Domestic market – the only way out for Indian shrimp farming

Commercial shrimp farming in India is about four decades old but it’s only over the last five years, the shrimp farming industry of India has transformed from a modified extensive shrimp farming system to a capital oriented semi-intensive and intensive farming system.
Till 2009 annual shrimp production from farming sector was approx. 80,000 tons, highest being 124 000 tons in the year 2004. Indian black tiger shrimp remained center of attraction in the international market and commanded respectful place.

On the onset of L. vannamei, the exotic pacific white shrimp on global scenario has changed the facet of shrimp farming, within a short span of 5 years the world shrimp basket from 2 million tons has filled up to almost 4 million tons production. The world shrimp basket has a maximum capacity to support 4.5 million tons, anything nearing will lower the demand and ultimately affect the farm gate price.
Since official entry of L. vannamei in the year 2009, the Indian shrimp farming production has increased four folds. Within 4 years shrimp production rise to 3.5 lac tons from 80 000 tons. Sluggish domestic demand and falling international prices is a cause of worry for the Indian shrimp farmer’s fraternity. Indian shrimp industry is completely dependent upon exports that too is for two seasons in a year. While higher domestic consumption in many other producing Asian countries like China, Thailand, Vietnam and Indonesia, has supported shrimp farmers with fair market price. The rapid expansion of shrimp farming in India, however, is a subject of concern.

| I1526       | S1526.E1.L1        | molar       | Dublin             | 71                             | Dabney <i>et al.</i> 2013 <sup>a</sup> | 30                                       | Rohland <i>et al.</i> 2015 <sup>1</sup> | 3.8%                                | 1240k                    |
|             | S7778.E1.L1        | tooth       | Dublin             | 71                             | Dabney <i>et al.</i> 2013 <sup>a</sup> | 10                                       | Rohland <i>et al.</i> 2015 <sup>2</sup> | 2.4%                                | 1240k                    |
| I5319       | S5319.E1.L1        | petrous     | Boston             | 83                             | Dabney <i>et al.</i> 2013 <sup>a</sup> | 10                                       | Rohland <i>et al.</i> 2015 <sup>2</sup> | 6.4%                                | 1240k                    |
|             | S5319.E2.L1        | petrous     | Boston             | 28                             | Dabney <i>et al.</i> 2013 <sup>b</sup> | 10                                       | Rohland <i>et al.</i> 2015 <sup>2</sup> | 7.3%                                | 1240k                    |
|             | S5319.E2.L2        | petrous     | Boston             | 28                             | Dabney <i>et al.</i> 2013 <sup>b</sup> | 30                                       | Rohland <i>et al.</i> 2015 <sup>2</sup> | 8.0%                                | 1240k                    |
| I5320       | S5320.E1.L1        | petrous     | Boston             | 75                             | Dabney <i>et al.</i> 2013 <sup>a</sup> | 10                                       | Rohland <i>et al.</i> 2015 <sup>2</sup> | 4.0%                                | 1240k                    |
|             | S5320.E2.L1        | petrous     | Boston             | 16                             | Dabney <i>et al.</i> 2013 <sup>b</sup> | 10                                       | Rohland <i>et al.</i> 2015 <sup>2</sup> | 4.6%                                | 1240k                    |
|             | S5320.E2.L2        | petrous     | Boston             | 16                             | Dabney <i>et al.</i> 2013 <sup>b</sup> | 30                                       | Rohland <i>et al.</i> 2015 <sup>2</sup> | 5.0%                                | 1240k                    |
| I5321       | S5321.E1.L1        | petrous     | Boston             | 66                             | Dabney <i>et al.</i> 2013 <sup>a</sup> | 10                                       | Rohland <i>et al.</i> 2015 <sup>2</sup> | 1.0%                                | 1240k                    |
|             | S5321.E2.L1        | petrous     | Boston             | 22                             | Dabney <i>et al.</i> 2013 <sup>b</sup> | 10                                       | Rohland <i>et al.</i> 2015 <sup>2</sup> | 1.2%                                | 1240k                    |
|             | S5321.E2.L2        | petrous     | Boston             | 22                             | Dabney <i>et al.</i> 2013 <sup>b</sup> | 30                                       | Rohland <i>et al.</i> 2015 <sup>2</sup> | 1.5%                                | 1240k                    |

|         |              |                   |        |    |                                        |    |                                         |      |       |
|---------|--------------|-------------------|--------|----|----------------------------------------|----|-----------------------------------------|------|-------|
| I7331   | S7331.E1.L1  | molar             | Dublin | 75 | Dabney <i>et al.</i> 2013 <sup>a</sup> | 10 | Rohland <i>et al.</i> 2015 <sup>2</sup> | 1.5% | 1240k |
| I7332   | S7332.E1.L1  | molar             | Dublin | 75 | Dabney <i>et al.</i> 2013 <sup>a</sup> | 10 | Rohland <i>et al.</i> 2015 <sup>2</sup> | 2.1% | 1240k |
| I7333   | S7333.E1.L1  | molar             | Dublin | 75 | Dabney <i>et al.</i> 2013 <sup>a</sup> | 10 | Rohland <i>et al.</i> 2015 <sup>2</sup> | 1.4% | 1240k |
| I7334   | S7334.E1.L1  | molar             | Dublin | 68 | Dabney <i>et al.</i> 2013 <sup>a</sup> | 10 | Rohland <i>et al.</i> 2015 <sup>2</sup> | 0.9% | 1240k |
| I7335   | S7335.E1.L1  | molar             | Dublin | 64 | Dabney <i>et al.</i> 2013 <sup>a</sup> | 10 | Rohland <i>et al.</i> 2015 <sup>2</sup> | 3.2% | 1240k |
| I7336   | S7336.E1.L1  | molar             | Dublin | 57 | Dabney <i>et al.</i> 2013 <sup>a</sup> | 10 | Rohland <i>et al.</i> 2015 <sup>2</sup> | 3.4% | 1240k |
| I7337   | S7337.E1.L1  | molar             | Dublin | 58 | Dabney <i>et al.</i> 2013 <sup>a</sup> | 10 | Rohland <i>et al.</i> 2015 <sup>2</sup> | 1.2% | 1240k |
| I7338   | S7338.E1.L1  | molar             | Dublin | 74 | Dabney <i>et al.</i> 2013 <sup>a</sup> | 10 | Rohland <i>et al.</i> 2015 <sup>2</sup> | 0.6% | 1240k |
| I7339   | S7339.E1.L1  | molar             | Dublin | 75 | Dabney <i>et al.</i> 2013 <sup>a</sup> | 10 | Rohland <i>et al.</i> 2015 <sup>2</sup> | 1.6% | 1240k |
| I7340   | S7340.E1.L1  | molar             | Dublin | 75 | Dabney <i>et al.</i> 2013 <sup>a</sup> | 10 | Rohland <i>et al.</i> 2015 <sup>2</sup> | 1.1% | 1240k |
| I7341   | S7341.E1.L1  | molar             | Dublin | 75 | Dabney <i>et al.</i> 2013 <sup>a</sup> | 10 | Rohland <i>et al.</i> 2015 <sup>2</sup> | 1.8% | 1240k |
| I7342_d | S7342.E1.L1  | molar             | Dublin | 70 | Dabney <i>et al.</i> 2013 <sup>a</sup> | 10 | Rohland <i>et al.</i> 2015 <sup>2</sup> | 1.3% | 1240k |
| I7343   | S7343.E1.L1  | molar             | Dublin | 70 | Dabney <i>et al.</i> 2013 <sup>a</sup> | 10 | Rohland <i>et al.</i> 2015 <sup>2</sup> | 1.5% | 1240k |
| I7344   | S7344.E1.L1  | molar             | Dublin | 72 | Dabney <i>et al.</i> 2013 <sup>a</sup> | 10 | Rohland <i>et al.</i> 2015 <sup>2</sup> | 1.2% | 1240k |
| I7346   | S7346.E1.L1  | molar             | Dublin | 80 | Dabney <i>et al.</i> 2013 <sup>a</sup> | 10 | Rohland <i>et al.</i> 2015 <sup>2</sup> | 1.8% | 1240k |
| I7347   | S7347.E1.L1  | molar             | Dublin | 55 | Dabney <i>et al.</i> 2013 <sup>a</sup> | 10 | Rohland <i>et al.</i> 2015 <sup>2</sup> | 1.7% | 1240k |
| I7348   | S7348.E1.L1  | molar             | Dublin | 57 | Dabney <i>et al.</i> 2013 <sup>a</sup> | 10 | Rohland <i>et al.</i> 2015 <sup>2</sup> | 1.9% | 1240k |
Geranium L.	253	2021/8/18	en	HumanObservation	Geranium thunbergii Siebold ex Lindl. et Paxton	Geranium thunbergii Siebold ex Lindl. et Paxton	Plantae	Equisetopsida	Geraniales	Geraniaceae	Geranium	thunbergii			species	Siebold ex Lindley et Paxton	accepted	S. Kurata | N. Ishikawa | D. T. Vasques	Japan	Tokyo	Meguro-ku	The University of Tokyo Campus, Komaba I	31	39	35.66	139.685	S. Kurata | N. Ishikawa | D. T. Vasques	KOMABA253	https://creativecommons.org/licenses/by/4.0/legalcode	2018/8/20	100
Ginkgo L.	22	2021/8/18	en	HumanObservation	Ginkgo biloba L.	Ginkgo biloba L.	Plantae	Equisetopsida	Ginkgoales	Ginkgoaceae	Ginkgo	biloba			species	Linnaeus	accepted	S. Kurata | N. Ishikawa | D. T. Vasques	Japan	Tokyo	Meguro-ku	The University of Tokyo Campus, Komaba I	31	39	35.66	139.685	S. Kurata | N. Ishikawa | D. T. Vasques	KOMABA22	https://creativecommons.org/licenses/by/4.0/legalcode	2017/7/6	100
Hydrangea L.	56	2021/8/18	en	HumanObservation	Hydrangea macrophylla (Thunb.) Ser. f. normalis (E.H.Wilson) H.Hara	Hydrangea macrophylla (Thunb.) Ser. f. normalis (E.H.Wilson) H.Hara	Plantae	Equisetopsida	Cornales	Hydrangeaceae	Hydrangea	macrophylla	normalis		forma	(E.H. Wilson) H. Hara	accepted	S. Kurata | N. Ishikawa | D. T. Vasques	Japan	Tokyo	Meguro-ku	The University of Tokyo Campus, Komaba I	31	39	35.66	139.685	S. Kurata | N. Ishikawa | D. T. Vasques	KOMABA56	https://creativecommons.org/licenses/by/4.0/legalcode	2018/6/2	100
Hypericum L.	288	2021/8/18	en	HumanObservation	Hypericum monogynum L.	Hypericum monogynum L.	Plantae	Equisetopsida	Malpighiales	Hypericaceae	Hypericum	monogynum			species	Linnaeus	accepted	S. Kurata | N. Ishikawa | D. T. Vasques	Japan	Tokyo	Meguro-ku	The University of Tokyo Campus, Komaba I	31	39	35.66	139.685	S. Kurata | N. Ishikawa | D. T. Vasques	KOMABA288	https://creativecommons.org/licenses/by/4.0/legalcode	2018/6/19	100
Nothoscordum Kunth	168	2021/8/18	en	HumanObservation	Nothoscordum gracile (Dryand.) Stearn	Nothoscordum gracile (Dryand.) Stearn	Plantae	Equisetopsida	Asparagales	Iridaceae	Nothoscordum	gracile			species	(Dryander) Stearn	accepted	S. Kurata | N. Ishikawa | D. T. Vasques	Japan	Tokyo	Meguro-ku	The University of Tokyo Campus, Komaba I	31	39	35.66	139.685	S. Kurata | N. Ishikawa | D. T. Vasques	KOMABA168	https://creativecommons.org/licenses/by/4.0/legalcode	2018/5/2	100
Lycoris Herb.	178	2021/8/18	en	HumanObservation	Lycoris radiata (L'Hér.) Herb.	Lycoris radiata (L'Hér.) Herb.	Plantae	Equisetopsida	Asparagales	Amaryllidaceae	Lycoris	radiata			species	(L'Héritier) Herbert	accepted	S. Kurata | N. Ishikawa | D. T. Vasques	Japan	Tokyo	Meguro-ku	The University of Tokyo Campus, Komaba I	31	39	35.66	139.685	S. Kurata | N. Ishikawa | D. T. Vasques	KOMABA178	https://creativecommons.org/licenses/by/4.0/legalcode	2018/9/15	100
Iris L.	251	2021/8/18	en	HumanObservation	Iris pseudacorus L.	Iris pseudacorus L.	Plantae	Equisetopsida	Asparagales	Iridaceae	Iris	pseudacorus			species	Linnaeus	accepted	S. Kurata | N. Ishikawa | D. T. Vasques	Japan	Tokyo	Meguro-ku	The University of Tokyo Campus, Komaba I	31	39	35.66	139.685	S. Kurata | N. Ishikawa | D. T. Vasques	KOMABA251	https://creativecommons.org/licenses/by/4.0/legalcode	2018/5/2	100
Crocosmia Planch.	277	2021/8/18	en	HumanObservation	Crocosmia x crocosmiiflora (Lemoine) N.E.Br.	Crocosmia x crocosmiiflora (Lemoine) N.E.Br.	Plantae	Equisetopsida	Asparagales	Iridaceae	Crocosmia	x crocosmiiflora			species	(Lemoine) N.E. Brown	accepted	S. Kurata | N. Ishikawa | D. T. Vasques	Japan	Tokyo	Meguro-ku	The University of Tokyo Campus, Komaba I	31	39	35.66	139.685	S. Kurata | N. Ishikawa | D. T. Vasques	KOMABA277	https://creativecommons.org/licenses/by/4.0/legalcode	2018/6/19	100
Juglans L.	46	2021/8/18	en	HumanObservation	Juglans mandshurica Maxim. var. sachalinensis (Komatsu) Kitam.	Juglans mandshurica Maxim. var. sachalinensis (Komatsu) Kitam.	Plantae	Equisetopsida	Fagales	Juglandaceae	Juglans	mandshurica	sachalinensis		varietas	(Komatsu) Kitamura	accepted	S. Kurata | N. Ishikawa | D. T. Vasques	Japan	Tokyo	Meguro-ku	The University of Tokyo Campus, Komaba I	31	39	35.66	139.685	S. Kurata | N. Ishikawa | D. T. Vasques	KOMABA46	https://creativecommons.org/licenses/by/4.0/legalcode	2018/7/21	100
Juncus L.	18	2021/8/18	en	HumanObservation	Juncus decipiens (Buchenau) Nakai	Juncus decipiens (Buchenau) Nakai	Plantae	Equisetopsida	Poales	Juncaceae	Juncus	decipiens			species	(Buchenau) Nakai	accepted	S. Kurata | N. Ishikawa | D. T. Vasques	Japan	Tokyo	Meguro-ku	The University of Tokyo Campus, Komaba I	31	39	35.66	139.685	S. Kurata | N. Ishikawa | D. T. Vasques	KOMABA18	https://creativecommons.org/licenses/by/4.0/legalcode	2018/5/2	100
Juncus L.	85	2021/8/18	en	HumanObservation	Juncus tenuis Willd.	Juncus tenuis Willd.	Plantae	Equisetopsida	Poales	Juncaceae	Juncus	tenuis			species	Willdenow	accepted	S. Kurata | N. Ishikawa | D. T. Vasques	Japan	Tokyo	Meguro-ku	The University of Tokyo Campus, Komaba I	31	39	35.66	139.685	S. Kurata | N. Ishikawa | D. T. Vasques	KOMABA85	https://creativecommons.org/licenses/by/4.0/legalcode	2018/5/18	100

To support the highly promising shrimp farming sector, we need strong association like National Egg Coordination Committee (NECC), which has greatly changed the face of Indian poultry industry with its famous campaign “Sunday Ho Ya Monday Roz Khao Ande”. Today cent percent poultry produced is consumed in the country itself whereas, the scenario in shrimp farming is completely reverse. Present shrimp production scenario has reached an alarming stage and hence need immediate government support to make it more sustainable. The need of the hour for the shrimp farming fraternity is to focus on better marketing practices to promote domestic consumption and spread awareness about it’s health benefits.
The promoting agencies like National Fisheries Development Board (NFDB) and Marine Products Exports Development Authority (MPEDA) with farmers’ association can really make the difference.
The shrimp-farming sector holds the potential to generate the best from wasteland and improve the livelihoods of people by providing employment opportunity to millions. The aquaculture sector can help to feed the expanding global population and be a suitable answer to “Who will feed the world beyond 2050”.
Dr. Manoj Sharma, Mayank Aquaculture Pvt. Ltd.